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Active Consumption of Articles on the Web

Posted at — Mar 13, 2021

I find that the more time I spend on the internet, the less I actually productively consume.

What does that mean? I’ve never been much of a reader; my parents would maintain that any grade school course that involved extra reading would pose a challenge. On the other hand, I’ve always been an active participant in discussion boards and other online communities. Some of the best threads contained multiple longer form rants on a particular subject.

The obvious distinction between a novel required for schoolwork and a post on a discussion board is the content; clearly the subjects and tech discussion boards are of greater interest.

But these days, I have the universal challenges of busy people: a lack of idle time, and contiguous attention span to dedicate. The result of which is that I skim content and barely get the gist. By the time I’ve closed the browser tab, I’ve lost the point of the article.

And so the solution to that is to store bookmarks of interest for a later time. I use Google Keep as a common place to drop links for articles that I’m interested reading at some arbitrary time in the future. Bookmarking in this way allowed me to pick from a curated source of things that I’ve parsed from sources (Hackers News, Twitter) and revisit them when I have either time or attention span.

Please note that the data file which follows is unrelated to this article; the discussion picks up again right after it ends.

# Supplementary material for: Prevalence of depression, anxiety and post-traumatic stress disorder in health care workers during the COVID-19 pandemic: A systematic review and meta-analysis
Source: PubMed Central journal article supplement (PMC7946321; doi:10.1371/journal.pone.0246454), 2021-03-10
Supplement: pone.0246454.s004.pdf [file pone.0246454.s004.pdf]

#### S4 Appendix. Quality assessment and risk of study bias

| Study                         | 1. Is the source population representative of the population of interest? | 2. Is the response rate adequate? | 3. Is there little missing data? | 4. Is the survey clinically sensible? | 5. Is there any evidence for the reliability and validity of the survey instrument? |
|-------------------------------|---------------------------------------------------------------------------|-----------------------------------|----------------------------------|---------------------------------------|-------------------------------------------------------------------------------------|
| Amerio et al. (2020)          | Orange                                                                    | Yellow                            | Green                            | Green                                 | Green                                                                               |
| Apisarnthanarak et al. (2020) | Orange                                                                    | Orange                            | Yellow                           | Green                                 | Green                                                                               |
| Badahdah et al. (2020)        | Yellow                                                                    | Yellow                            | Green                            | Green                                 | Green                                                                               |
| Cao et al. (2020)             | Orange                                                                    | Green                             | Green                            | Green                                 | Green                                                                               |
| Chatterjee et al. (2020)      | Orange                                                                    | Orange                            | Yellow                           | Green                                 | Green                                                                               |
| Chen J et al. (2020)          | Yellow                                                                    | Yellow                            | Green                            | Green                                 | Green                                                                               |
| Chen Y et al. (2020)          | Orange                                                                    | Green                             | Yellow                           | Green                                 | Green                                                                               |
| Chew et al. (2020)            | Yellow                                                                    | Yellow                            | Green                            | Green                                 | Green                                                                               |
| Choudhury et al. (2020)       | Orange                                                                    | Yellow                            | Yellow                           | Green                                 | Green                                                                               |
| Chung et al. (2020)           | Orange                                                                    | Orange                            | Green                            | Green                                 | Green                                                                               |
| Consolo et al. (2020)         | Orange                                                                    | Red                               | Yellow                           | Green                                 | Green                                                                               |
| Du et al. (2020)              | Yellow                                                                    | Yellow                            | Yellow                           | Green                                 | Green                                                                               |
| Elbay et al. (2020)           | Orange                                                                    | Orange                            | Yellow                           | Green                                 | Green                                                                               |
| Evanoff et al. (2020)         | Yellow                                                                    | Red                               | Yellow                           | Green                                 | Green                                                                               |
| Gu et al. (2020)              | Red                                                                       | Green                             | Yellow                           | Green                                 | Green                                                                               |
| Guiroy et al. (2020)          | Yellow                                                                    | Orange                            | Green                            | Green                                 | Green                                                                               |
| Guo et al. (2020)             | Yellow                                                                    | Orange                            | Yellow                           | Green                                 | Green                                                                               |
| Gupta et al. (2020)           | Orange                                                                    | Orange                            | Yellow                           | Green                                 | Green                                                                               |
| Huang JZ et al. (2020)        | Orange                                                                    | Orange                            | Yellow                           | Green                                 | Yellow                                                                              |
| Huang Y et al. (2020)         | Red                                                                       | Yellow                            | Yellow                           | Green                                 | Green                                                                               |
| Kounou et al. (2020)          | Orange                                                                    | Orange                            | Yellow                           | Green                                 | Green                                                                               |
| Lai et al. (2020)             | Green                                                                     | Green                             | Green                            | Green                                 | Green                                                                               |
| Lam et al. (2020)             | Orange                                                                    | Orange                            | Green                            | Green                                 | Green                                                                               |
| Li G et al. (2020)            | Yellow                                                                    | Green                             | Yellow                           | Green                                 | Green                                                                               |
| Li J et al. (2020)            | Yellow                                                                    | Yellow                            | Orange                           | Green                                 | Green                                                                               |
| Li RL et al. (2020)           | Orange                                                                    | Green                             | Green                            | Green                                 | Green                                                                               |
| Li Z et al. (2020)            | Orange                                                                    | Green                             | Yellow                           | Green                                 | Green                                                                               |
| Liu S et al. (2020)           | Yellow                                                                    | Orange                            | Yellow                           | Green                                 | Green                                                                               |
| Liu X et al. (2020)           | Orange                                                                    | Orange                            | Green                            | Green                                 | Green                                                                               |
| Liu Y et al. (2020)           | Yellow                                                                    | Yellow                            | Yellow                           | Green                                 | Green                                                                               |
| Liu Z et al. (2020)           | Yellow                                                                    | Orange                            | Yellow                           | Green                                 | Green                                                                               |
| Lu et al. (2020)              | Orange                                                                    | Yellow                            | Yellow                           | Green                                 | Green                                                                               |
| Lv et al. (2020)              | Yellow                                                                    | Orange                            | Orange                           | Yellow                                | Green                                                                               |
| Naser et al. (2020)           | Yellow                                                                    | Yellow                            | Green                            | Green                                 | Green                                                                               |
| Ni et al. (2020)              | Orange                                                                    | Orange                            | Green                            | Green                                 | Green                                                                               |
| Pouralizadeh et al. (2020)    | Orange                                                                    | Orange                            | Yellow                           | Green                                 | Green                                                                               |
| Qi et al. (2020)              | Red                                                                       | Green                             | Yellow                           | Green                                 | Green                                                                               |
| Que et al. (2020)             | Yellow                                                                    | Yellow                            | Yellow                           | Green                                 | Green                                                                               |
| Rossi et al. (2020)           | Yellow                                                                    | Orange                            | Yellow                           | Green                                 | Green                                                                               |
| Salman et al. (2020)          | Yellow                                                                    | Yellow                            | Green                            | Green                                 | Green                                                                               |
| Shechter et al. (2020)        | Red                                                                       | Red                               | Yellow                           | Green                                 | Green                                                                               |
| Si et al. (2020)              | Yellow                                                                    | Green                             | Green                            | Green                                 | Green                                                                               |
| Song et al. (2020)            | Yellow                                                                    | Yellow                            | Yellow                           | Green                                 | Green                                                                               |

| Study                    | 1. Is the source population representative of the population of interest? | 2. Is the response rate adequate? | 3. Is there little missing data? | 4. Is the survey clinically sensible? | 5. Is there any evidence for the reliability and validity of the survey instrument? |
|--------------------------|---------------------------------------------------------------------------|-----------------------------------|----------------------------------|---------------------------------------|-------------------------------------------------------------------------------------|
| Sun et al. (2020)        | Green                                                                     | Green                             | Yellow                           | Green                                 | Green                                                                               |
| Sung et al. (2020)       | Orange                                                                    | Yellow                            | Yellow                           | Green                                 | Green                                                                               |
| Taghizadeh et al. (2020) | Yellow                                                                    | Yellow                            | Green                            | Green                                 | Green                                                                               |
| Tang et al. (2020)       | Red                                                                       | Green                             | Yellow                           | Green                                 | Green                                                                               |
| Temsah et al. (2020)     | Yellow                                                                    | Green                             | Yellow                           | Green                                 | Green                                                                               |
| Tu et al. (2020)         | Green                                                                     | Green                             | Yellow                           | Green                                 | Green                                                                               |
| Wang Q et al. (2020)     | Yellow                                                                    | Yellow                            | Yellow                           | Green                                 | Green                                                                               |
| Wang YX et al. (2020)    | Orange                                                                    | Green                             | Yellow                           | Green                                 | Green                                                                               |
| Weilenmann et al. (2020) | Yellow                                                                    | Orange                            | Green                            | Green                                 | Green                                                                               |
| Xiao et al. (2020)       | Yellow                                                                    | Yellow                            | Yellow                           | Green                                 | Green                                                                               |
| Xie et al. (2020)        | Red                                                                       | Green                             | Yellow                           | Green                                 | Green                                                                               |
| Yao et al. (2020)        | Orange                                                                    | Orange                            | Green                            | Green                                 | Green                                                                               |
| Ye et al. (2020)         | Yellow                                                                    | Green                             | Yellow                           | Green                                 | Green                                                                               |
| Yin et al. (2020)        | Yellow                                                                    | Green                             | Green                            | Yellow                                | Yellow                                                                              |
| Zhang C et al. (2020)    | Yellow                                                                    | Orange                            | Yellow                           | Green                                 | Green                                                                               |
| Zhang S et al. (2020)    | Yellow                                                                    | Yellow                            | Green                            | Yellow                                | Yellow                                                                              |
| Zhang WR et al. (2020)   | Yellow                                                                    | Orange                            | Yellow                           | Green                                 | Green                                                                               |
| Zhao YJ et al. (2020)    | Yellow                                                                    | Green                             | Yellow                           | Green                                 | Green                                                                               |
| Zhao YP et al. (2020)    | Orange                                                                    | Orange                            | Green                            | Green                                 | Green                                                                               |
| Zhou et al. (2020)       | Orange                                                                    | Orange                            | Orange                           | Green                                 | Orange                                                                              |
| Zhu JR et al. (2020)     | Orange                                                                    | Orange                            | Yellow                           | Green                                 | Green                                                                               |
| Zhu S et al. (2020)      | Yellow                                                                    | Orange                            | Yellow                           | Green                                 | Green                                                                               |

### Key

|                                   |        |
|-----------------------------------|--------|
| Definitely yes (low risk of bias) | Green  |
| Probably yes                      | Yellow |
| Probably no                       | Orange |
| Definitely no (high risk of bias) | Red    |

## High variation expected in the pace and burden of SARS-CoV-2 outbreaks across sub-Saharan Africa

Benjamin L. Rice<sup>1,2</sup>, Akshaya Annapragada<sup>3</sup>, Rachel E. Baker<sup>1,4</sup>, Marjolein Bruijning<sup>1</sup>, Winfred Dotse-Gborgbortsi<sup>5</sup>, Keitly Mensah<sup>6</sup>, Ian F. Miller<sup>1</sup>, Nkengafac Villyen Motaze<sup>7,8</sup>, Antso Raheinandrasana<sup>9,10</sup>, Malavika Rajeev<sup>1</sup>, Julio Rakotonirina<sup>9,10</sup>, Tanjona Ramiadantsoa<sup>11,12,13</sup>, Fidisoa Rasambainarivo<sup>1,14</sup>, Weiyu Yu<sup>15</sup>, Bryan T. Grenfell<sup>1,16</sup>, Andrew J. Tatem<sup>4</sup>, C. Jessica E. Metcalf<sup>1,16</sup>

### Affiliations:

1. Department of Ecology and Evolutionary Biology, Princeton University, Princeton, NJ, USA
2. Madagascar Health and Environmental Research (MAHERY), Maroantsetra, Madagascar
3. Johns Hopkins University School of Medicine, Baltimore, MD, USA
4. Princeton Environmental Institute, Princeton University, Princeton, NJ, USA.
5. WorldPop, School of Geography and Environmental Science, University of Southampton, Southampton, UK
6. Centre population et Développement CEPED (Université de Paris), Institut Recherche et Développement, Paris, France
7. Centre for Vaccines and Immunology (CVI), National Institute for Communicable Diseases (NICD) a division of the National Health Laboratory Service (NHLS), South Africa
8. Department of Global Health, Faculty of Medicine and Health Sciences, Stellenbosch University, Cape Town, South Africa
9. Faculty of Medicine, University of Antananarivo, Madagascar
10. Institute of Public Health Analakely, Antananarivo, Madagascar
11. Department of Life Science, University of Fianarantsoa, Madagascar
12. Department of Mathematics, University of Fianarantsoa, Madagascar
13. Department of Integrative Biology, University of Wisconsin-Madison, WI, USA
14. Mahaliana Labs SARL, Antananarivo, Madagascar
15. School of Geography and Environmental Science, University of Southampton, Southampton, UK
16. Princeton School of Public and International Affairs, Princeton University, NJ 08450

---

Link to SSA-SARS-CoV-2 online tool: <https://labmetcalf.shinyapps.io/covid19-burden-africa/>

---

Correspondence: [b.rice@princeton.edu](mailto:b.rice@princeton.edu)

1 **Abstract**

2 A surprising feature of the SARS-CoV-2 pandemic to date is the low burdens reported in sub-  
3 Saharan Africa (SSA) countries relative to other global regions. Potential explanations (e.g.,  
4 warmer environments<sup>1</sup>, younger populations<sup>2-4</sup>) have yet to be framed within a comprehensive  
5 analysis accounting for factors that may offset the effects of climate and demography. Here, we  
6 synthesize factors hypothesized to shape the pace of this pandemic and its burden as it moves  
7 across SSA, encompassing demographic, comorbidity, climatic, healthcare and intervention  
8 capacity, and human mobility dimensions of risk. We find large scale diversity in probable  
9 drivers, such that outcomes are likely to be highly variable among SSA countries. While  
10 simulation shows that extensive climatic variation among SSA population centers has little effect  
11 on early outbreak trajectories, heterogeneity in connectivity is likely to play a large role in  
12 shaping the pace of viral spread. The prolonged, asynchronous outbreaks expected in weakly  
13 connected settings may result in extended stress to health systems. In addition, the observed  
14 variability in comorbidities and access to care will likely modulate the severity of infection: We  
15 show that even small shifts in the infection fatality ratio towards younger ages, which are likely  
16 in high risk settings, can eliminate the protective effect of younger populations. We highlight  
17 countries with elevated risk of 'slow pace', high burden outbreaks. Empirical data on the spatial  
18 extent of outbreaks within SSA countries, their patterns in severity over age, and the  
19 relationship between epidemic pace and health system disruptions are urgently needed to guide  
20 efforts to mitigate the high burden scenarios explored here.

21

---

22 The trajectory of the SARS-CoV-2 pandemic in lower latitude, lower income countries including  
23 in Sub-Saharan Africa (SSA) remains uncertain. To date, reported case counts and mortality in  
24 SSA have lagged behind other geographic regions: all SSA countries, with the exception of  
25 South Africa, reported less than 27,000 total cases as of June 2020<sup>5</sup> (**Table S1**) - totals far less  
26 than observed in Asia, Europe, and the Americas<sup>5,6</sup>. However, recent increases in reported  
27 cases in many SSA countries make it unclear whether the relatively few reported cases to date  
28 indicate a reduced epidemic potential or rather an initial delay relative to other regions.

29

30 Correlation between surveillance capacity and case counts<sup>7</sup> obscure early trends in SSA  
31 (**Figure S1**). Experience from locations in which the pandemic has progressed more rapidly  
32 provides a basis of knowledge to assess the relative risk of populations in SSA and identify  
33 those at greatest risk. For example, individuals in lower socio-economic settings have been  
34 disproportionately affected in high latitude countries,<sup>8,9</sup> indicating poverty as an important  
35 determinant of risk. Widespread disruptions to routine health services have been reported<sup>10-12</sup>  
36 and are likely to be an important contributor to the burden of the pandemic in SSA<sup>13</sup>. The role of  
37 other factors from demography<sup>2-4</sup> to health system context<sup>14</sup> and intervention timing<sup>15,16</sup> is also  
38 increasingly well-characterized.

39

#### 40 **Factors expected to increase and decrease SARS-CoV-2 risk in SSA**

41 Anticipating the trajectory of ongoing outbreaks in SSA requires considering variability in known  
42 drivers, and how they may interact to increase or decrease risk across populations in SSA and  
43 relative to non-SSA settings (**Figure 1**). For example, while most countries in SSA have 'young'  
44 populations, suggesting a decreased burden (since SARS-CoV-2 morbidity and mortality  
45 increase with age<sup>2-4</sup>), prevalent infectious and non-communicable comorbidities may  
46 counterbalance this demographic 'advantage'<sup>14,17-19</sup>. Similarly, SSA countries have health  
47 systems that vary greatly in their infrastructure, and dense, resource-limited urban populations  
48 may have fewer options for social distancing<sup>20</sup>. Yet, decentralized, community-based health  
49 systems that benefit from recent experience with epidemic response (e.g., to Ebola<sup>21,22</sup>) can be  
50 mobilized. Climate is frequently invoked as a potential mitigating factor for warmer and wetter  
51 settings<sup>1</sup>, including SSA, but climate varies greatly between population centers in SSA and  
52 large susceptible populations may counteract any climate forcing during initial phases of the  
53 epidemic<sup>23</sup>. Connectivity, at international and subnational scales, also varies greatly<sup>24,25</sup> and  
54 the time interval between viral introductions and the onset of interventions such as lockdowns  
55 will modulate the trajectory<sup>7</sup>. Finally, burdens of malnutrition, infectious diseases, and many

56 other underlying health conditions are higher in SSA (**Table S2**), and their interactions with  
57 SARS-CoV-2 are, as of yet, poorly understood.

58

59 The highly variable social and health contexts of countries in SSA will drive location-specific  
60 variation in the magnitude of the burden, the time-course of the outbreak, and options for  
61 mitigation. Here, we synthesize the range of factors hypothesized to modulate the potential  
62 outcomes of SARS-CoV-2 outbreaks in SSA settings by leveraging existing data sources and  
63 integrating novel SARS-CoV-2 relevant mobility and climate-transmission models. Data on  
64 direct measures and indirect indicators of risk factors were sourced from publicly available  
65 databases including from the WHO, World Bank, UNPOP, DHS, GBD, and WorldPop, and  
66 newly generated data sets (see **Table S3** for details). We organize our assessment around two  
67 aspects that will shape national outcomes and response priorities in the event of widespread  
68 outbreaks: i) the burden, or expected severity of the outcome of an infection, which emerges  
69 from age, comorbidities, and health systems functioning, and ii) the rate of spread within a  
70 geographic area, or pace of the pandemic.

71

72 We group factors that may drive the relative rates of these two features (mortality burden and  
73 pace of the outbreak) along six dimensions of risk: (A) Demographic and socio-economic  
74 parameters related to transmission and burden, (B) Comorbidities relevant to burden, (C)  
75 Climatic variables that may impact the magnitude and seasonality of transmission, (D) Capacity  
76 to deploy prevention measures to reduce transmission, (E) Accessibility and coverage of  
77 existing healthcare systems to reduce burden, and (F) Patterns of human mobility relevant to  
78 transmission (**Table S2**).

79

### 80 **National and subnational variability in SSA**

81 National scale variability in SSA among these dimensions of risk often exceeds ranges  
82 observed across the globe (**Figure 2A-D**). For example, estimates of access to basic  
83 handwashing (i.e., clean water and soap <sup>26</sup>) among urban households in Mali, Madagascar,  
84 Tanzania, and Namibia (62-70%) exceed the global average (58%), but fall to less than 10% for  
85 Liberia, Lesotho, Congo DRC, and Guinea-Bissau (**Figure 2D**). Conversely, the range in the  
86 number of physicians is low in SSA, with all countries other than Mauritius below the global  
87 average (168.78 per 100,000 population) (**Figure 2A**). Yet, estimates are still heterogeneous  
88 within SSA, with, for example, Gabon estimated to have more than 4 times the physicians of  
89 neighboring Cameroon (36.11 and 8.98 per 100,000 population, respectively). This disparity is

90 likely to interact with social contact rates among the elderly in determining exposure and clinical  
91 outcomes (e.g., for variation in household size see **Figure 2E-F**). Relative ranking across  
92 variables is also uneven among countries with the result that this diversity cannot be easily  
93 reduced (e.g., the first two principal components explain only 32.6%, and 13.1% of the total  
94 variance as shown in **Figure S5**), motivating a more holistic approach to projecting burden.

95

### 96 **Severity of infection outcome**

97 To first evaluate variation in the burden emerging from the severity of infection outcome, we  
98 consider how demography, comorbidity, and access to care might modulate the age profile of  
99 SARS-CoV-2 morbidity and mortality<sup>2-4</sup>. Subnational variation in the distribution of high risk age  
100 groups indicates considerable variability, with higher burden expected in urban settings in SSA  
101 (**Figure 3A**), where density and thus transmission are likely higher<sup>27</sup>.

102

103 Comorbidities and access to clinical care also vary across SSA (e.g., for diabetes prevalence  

For the most part I’m quite satisfied with this approach. The content is mostly relevant and I’m generally not running into scenarios where I’m flooded with content of interest from my existing sources. With that said, the content on hacker news is varied; there’s a large amount of things in the feed that don’t really interest me at all.

In 2021, I’ve decided return to the RSS feed. I started moving back to this idea after realizing that a blog I had bookmarked in my browser had started blogging daily, and that I had started establishing a habit of pulling up the page once a day to check for the latest musings. After a few weeks, I had a few more personal websites to the list. After a short time, RSS seemed like the natural choice.

RSS had seen a resurgence in recent months as an easy to combat the influence of social media providers on the news we read, and it’s hardly a new idea in my workflow. I’ve used Feedly for this in the past, and despite plenty of open source options available for self-hosting, the hosted service’s free tier strikes the right balance between usability and minimalism. I’ll likely evaluate some self-hosted options in the future, just to see how they work.

It’ll take some adjustment, but I think a benefit of switching back to an RSS-focused approach is that I should try to reduce time where I absent mindedly land on Hacker News and start parsing titles. It may have an impact on discovering new bloggers, but I’ll certainly save idle time scrolling the page.

I guess we’ll have to find out!